Fewer Side Effects, Cost Savings, With Single-Fraction Radiotherapy for Bone Metastases

A new study has found that standardizing prescribing practices for single-fraction radiation therapy (SFRT) for palliation of bone metastases may result in cost savings and an improvement in patients' quality of life.

Robert A. Olson, MD, MSc

A new study has found that standardizing prescribing practices for single-fraction radiation therapy (SFRT) for palliation of bone metastases may result in cost savings and an improvement in patients’ quality of life.

The study, published in the International Journal of Radiation Oncology • Biology • Physics, found that the overall utilization rate of SFRT in British Columbia is 49.2%, a rate consistent with other Canadian and European data that show SFRT use ranges from 32% to 64%—a rate much higher than in the United States, where SFRT use ranges from only 3% to 13%.

“Previous research has shown that single-fraction radiation therapy is equally as effective as longer multiple-fraction courses. Single-fraction radiation therapy offers greater convenience for patients, is associated with fewer side effects, and incurs a lower cost. Even a modest change in the frequency of single-fraction radiation therapy use, in Canada and America, could lead to meaningful cost savings, improved patient convenience, and reduced patient side effects—thereby increasing patients’ quality of life,” lead study author Robert A. Olson, MD, MSc said in a statement. Olson is the research and clinical trials lead and a radiation oncologist at the BC Cancer Agency Centre for the North.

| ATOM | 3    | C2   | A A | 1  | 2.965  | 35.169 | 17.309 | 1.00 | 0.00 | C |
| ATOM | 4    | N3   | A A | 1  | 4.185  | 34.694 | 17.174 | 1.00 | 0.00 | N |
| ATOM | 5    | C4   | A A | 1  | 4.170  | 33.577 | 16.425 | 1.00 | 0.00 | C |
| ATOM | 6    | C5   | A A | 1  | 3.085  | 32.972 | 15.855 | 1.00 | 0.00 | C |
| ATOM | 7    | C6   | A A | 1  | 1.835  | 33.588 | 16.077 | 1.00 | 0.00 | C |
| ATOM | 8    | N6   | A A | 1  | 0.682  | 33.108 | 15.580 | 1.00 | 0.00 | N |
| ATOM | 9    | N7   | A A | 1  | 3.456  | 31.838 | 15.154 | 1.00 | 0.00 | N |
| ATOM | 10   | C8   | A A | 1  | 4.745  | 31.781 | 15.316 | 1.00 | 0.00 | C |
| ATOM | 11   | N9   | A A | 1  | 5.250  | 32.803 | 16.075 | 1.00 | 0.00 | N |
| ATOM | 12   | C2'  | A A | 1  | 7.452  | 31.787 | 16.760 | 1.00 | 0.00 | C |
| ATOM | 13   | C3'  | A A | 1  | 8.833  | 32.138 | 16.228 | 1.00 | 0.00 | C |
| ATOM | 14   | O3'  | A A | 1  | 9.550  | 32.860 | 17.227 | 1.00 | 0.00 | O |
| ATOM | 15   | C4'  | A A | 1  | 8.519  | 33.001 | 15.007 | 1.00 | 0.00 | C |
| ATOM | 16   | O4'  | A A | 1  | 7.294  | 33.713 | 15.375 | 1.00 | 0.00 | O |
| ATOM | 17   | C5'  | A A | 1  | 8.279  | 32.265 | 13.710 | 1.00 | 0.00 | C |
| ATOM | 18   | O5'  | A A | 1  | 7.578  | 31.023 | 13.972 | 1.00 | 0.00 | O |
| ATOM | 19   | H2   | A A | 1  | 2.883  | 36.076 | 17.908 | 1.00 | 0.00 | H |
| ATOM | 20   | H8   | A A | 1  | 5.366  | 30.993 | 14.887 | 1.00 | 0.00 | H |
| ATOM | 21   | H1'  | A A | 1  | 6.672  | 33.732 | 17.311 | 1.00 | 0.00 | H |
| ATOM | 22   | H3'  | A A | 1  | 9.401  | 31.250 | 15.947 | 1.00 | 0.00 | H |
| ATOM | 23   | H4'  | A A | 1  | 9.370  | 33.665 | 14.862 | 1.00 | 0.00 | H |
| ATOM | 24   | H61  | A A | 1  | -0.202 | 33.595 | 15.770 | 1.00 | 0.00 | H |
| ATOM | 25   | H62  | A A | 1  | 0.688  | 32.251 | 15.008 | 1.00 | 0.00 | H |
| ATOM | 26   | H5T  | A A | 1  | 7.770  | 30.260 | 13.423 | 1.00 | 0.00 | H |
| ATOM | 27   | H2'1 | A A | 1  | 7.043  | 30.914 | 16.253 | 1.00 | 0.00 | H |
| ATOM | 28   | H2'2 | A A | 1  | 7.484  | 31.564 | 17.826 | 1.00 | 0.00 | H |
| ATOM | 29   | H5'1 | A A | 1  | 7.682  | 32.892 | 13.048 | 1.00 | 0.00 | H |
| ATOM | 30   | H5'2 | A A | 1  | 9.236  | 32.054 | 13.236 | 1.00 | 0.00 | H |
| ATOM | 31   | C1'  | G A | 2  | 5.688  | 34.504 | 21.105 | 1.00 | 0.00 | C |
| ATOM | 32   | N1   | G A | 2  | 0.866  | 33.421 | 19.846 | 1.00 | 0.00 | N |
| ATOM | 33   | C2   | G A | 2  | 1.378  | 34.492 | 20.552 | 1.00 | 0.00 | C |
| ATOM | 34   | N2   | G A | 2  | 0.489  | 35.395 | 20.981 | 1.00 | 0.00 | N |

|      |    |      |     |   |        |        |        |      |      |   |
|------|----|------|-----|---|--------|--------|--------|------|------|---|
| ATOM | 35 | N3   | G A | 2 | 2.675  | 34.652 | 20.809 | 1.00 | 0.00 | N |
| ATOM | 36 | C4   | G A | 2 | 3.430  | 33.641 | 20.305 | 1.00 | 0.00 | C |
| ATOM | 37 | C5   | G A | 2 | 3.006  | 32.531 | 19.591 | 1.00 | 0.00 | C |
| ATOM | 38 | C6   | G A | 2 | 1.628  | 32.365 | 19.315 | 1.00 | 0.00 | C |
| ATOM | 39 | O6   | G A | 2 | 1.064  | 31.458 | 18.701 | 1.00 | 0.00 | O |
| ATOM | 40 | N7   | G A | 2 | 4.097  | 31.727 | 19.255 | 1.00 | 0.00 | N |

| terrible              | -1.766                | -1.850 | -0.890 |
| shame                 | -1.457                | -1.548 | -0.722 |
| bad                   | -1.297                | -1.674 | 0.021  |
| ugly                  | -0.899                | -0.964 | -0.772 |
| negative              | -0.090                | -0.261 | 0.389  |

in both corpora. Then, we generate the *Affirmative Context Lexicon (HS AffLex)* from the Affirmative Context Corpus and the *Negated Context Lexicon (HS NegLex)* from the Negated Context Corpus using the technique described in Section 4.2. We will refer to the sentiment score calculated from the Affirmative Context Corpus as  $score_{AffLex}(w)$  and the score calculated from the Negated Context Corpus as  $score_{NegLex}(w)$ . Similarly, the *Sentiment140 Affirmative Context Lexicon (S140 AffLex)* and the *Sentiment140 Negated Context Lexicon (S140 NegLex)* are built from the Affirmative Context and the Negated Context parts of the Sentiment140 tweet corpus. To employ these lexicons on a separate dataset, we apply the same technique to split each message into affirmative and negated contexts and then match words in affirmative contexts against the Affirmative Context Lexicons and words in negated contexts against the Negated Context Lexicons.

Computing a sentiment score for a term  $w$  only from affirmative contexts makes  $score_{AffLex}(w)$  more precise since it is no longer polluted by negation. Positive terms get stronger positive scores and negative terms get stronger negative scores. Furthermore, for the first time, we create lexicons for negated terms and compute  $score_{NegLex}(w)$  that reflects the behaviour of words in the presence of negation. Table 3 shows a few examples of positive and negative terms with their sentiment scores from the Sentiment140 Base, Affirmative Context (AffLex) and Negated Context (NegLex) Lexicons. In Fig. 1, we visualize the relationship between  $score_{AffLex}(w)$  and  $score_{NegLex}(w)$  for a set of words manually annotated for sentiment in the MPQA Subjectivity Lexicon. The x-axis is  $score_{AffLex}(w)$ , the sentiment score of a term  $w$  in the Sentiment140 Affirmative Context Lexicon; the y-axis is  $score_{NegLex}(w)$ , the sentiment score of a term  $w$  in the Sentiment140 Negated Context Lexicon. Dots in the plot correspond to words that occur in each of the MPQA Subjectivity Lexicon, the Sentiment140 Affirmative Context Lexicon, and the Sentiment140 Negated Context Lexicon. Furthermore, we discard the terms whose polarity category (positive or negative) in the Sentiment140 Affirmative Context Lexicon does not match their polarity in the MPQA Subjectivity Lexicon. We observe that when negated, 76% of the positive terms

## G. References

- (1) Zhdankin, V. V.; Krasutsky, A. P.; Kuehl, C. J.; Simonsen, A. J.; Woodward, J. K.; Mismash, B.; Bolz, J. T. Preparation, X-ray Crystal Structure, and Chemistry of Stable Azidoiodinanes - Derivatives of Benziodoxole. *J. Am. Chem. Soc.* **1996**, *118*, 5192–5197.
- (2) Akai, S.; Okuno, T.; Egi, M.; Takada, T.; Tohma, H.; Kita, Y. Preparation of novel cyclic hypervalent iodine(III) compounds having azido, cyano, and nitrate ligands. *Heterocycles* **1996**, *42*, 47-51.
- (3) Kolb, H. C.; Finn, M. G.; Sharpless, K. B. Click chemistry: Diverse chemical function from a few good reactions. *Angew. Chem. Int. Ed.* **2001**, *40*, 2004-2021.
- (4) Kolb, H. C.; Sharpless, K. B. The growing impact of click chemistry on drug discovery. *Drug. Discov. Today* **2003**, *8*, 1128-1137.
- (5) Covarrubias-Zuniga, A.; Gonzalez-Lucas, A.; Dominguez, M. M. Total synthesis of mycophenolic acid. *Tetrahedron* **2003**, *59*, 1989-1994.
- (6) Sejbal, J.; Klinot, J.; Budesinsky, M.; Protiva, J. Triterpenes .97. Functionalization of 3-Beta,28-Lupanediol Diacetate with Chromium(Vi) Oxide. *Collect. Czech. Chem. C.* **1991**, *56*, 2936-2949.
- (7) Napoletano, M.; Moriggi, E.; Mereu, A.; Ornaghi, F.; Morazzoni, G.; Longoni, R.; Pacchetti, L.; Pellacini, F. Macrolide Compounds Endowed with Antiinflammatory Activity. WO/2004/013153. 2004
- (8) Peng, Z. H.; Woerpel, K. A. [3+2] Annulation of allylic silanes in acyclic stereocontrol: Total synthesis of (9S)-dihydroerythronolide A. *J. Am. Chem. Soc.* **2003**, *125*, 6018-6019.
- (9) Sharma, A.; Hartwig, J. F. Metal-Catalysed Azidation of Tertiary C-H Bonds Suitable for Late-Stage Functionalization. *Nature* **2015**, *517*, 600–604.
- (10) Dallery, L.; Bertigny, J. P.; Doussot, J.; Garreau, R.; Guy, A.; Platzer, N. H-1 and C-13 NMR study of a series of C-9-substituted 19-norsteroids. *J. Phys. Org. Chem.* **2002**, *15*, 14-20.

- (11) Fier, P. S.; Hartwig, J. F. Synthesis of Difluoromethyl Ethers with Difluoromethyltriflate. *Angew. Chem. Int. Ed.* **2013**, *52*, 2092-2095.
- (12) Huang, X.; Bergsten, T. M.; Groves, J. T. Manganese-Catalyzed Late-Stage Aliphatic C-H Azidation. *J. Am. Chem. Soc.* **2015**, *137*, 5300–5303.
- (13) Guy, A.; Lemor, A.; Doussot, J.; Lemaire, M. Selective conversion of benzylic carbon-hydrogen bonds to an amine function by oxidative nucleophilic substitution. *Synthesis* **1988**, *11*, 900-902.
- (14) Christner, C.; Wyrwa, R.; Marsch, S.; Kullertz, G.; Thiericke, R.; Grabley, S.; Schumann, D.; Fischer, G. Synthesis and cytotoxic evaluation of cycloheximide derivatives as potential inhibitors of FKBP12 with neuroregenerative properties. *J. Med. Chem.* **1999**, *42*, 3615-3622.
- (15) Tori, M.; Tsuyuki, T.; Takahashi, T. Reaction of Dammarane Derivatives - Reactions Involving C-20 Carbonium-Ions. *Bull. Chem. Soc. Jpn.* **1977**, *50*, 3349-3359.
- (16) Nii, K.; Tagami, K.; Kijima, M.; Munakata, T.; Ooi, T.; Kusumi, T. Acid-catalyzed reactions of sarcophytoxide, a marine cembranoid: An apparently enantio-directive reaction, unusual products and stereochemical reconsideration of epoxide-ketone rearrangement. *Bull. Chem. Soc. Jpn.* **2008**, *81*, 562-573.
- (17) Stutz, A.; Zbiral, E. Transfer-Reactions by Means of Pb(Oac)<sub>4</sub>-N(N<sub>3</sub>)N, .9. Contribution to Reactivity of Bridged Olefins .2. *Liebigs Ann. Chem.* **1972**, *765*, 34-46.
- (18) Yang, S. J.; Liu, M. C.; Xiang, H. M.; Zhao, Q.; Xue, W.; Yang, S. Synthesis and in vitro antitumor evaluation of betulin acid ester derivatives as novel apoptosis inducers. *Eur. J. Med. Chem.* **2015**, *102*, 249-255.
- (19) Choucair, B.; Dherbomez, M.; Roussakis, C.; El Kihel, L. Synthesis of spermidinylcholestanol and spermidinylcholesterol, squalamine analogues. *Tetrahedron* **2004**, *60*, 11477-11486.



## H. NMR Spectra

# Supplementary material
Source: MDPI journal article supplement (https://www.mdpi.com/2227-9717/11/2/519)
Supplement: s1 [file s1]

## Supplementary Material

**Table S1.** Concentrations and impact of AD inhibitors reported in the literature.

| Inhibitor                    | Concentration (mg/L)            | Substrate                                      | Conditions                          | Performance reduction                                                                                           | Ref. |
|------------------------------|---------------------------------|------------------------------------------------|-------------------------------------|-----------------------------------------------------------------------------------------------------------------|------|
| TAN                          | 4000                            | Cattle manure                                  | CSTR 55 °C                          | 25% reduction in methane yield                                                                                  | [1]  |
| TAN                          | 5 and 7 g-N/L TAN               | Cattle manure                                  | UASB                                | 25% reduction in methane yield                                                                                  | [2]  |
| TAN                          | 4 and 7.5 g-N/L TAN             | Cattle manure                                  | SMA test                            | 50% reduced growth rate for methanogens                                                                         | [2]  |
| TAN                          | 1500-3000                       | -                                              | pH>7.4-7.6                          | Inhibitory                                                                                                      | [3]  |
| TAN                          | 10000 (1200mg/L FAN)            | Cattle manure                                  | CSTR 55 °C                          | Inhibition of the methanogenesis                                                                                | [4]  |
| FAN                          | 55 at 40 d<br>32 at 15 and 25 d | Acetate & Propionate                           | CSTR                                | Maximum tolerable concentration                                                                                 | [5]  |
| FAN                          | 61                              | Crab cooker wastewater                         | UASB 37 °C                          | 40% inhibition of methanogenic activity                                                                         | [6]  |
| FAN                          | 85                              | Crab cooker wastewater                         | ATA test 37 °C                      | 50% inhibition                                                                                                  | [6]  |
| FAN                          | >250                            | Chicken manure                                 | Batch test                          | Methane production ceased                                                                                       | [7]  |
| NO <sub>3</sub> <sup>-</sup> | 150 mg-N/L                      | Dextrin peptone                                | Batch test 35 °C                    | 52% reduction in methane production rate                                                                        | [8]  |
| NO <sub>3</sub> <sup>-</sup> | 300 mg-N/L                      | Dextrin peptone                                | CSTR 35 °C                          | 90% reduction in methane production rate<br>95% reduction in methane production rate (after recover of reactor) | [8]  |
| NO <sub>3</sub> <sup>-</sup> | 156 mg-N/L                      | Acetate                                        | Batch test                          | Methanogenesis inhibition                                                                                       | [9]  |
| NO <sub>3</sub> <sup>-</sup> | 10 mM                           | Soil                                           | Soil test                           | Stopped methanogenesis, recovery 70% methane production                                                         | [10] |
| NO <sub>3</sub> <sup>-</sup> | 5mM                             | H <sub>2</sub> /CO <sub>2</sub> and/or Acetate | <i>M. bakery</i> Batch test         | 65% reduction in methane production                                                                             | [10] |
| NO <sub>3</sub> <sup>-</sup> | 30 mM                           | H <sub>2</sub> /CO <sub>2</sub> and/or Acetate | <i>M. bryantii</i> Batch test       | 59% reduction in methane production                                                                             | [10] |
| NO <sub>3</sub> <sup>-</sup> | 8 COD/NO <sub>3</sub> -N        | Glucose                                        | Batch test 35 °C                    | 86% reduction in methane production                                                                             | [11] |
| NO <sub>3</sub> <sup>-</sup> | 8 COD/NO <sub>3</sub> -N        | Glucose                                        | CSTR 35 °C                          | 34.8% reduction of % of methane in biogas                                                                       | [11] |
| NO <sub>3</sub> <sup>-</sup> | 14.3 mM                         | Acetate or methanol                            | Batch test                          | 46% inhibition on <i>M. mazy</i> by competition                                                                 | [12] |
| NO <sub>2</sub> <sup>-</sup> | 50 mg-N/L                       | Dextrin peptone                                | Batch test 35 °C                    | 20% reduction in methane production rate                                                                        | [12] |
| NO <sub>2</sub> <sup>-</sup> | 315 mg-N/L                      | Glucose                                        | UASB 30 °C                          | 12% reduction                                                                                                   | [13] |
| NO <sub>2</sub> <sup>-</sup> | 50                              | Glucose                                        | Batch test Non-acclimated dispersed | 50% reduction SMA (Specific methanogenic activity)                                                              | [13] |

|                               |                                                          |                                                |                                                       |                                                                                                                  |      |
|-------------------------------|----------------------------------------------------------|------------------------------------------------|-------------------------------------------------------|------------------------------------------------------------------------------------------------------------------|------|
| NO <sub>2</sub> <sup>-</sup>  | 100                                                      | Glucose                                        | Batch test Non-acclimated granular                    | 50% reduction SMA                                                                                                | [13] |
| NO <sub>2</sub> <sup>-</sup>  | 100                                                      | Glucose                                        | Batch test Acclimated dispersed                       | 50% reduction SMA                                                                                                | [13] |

The study, one of the largest current studies on the use of SFRT, was designed to determine the use of SFRT in British Columbia.

For the study, patients who received palliative radiation therapy for bone metastases regardless of their primary cancer were identified using the BC Cancer Agency’s Cancer Agency Information System. The most common primary disease site was breast (23.4%), and the most frequently treated bony metastatic site was the spine (42.2%).

Between 2007 and 2011, 8601 patients received 16,898 courses of radiation therapy. Patients who received re-irradiation for bone metastases were included, and patients who received more than one course of radiation therapy were considered independently for each course (patients could be counted more than once). Radiation therapy fractionation was divided into two categories: SFRT or multiple-fraction radiation therapy (MFRT).

SFRT was used to treat bone metastases in 49.2% (7097) of the radiation therapy courses. SFRT was most commonly used to treat bone metastases that originated from hematologic (56.6 percent) and prostate (56.1%) cancers; the most common bony metastatic sites treated with SFRT were the ribs (83%) and extremity (66.4%).

“As a result of discussing our study outcomes among radiation oncologists in British Columbia, we have already seen an increase in the use of single-fraction radiation therapy for bone metastases. We are hopeful that these results will motivate practice change worldwide,” said Olson.